In any case, the information did not help as Mayor Giuliani had his heart set on vetoing the bill. He said that ferrets should be illegal in NYC for the same reasons that tigers are. He feels that both animals are dangerous to the public.
This leaves it up to New Yorkers to convince enough Council Members who voted "no" or abstained to change their votes to "yes" -- otherwise this chance at legalization is gone. The bill won't even get a second chance to be voted on unless ferret owners can demonstrate that they have changed at least 8 Council Members to pro-ferret.
If ferret people fail to achieve this, there are more options down the road -- but they are just that... down the road.
Mayor Giuliani stated that he felt that ferret people were going about this the wrong way as one of the reasons he vetoed the bill. He thinks that the Council has no right to pass laws that encroach on the territory of the Department of Health. Mayor Giuliani thinks the proper way to change the ban is to get the Department of Health to change its stance on ferrets. A case of which branch of government can go over the heads of which branch of government.
People like Gary Kaskel have been working a VERY long time to change the Department of Health's stance. The DOH does not seem interested in any of the information presented by Gary, the ASPCA, the HSNY, or anyone else that is pro-ferret.
What I would wonder is what circumstances would change the person in charge of the DOH? Is this a position appointed by the Mayor? If a pro-ferret Mayor is elected, would it be possible to get the ban lifted through the DOH (which is how Mayor Giuliani suggested it be done) instead of by getting legislation passed?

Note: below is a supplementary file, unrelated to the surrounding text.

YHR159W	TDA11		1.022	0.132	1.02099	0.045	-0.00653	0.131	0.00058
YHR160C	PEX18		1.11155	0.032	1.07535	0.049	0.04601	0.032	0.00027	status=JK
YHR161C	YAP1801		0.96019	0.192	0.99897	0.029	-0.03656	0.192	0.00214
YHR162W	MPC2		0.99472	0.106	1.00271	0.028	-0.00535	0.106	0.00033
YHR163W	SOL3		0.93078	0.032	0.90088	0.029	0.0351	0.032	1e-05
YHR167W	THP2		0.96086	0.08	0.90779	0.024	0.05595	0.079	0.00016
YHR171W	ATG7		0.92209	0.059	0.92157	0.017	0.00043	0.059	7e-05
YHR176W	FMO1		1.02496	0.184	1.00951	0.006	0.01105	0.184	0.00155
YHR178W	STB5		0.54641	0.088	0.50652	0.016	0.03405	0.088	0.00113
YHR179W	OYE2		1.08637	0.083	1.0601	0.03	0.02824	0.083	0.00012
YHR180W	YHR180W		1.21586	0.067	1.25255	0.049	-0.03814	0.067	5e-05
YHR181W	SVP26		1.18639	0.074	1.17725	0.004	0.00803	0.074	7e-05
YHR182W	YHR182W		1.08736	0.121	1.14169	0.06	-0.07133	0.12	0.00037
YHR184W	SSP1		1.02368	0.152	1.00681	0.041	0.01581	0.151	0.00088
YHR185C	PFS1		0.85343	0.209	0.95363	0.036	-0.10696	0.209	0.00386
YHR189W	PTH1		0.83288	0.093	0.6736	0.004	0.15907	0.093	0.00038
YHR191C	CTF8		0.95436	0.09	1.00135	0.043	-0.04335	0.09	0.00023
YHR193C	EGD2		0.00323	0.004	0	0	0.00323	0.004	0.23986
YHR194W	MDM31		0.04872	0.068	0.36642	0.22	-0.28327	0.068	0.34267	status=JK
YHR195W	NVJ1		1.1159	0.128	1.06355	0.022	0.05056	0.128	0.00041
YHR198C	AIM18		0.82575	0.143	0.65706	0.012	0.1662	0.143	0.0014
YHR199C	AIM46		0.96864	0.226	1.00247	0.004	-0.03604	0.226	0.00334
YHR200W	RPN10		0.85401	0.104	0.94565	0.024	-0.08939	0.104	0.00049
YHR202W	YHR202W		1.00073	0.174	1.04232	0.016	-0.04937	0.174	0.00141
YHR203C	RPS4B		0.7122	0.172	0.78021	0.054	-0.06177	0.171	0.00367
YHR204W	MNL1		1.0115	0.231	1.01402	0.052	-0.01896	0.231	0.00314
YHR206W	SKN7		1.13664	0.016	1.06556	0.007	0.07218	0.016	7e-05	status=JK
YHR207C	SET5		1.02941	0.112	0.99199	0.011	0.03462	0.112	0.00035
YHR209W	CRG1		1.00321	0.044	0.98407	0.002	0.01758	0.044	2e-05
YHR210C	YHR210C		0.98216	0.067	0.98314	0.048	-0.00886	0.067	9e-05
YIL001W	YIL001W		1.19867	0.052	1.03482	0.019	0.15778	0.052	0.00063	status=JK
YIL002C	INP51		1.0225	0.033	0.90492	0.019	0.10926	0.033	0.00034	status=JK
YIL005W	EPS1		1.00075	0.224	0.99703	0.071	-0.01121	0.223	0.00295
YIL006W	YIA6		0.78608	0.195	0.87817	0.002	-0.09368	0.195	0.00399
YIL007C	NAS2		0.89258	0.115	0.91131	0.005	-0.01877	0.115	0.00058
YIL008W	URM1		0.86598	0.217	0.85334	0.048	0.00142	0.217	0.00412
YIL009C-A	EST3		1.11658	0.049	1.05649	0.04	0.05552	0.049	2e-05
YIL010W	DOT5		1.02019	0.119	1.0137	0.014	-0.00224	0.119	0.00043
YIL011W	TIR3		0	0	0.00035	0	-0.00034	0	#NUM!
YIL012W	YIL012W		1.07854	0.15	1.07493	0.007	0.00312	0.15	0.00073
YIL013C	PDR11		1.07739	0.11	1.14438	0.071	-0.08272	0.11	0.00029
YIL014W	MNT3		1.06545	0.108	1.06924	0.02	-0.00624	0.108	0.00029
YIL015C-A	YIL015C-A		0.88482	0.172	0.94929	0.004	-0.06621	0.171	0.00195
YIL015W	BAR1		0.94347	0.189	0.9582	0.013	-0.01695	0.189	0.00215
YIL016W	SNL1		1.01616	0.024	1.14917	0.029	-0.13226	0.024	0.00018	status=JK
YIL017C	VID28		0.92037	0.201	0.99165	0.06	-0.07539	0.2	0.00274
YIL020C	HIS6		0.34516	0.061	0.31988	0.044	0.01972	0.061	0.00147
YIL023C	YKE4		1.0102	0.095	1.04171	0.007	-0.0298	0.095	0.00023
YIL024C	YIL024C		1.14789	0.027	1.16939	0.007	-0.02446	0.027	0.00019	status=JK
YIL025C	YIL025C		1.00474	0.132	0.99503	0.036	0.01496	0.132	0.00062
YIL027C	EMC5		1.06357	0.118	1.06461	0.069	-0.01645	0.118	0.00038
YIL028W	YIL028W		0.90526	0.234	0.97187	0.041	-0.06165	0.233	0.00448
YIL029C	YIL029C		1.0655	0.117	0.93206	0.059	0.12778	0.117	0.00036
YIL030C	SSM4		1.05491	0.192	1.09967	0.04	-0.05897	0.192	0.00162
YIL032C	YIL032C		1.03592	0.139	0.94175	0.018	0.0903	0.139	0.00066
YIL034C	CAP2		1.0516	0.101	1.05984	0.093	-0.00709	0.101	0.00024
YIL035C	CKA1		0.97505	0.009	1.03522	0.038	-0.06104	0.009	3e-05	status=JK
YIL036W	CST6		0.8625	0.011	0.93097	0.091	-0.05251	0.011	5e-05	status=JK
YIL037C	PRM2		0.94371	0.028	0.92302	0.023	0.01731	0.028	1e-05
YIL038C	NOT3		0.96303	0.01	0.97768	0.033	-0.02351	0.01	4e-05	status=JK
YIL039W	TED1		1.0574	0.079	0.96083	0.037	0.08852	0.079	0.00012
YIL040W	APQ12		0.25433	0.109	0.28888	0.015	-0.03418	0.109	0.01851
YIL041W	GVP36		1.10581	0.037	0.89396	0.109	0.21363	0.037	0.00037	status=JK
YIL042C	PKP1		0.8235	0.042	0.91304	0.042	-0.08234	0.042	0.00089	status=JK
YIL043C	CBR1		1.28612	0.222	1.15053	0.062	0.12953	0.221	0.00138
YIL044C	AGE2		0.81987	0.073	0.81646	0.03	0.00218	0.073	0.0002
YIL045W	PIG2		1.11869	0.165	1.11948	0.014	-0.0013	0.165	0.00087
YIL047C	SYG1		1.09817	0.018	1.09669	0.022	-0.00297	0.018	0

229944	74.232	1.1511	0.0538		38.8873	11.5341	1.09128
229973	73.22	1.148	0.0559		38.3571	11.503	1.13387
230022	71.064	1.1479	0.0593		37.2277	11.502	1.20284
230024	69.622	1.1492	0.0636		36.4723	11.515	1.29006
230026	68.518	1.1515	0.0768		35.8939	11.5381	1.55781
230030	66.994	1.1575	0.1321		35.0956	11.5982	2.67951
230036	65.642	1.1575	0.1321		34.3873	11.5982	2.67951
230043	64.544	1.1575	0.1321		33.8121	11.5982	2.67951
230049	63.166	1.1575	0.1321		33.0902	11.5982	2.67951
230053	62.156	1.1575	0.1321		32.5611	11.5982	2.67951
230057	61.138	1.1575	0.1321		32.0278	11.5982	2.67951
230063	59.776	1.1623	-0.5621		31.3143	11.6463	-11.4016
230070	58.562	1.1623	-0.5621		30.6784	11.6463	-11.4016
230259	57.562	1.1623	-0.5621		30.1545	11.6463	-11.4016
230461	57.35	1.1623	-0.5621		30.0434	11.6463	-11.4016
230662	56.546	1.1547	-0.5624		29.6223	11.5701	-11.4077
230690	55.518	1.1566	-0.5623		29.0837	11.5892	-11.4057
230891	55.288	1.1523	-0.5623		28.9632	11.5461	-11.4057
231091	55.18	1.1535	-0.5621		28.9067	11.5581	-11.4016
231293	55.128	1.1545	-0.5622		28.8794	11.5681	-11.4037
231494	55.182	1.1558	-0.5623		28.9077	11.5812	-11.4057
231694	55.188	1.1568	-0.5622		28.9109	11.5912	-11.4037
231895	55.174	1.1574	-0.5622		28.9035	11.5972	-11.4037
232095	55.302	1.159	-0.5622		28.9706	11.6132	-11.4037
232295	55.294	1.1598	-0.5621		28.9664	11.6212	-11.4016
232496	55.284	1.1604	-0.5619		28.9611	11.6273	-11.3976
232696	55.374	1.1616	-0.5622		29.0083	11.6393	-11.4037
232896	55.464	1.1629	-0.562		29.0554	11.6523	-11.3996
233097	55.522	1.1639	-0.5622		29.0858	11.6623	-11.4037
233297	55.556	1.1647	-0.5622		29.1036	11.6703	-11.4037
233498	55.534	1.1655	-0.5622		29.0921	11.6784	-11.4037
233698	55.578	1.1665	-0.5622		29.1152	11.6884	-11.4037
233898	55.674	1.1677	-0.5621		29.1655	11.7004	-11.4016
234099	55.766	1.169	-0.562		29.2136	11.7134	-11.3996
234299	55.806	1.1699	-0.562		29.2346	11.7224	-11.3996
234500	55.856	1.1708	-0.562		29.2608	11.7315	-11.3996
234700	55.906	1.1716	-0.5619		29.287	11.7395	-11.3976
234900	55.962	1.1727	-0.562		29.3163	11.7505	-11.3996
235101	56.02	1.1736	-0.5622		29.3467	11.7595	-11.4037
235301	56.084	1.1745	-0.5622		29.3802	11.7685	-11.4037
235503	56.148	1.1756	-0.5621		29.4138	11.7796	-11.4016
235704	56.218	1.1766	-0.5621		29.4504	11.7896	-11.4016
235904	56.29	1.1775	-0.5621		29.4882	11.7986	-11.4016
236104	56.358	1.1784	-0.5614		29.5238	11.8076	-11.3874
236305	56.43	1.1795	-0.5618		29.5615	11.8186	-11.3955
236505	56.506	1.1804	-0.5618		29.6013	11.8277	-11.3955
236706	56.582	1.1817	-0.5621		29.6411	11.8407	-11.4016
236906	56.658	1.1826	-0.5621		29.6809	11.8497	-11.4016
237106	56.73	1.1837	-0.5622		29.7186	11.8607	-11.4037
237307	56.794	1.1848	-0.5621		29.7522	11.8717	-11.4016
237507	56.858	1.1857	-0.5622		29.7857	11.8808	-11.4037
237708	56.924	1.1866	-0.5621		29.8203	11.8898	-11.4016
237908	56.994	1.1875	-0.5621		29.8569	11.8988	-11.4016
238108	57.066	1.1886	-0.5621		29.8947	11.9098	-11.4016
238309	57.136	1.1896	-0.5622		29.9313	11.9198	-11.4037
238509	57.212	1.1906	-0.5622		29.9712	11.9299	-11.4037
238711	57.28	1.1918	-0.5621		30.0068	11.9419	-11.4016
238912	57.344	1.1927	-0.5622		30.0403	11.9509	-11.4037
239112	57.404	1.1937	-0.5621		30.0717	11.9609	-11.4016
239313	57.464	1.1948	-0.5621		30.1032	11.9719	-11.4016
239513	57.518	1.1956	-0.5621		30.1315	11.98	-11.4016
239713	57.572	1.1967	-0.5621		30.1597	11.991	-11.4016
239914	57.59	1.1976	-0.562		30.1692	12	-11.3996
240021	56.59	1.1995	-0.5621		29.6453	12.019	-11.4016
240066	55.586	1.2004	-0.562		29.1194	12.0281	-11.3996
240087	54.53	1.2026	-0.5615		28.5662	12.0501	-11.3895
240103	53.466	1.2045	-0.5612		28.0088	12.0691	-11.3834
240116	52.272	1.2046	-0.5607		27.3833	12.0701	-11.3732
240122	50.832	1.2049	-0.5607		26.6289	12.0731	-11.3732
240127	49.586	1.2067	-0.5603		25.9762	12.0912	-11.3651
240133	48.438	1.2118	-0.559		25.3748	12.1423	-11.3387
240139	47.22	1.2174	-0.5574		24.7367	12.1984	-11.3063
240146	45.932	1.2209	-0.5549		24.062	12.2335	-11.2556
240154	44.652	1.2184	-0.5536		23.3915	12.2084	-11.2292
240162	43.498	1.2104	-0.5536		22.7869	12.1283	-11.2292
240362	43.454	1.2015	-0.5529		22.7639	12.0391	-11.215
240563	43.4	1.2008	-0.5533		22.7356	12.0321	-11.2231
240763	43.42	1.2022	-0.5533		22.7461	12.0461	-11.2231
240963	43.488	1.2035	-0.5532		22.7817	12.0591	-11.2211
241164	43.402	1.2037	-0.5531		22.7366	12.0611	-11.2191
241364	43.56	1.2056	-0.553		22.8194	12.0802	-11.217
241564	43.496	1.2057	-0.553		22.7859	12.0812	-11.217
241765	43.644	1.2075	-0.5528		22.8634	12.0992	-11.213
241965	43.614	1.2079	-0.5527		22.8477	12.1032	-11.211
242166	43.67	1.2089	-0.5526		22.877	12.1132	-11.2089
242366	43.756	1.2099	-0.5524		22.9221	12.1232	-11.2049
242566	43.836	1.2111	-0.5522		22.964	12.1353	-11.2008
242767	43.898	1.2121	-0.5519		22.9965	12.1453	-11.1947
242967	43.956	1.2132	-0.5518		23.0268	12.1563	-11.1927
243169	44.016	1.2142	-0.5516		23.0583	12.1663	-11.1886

Gary Kaskel has an ongoing lawsuit over this same issue. Another case of which branch can go over the heads of which branch. This appears to be an interesting avenue to pursue, but one with which I am not very familiar.
If the above all fail, it will be necessary to try again next year. This will necessitate finding a new bill sponsor and going through all the steps that the current bill has already been through. That would make this issue continue to go on, with all the while NYC being used as an example to encourage other places to make ferrets illegal.
Also from Eric:
After the hearing we had a chance to speak to a woman who had shown up with her children. Her daughter has a ferret who is considered part of the family. One of their neighbors turned her in to the Department of Health. The Department of Health has sent her a letter regarding this ferret. She now fears for what will happen to the ferret -- and for how her children will handle the ordeal.
It is frightening to think that someone could harm their neighbors by "ratting out" their ferrets. That companions who are members of your family can be removed from your life no matter how innocent, friendly, and cuddly they are.
This is why it is VITAL that ferrets be legalized. Animals being abused/abandoned is a problem that is part of the human condition. It will not be solved by something as simple as ferrets being sold or not sold in pet stores. It is a problem well beyond the scope of a small FML post.
However, animals being taken away from good situations and happy homes for the sake of senseless laws is something that can easily be remedied -- change the senseless laws.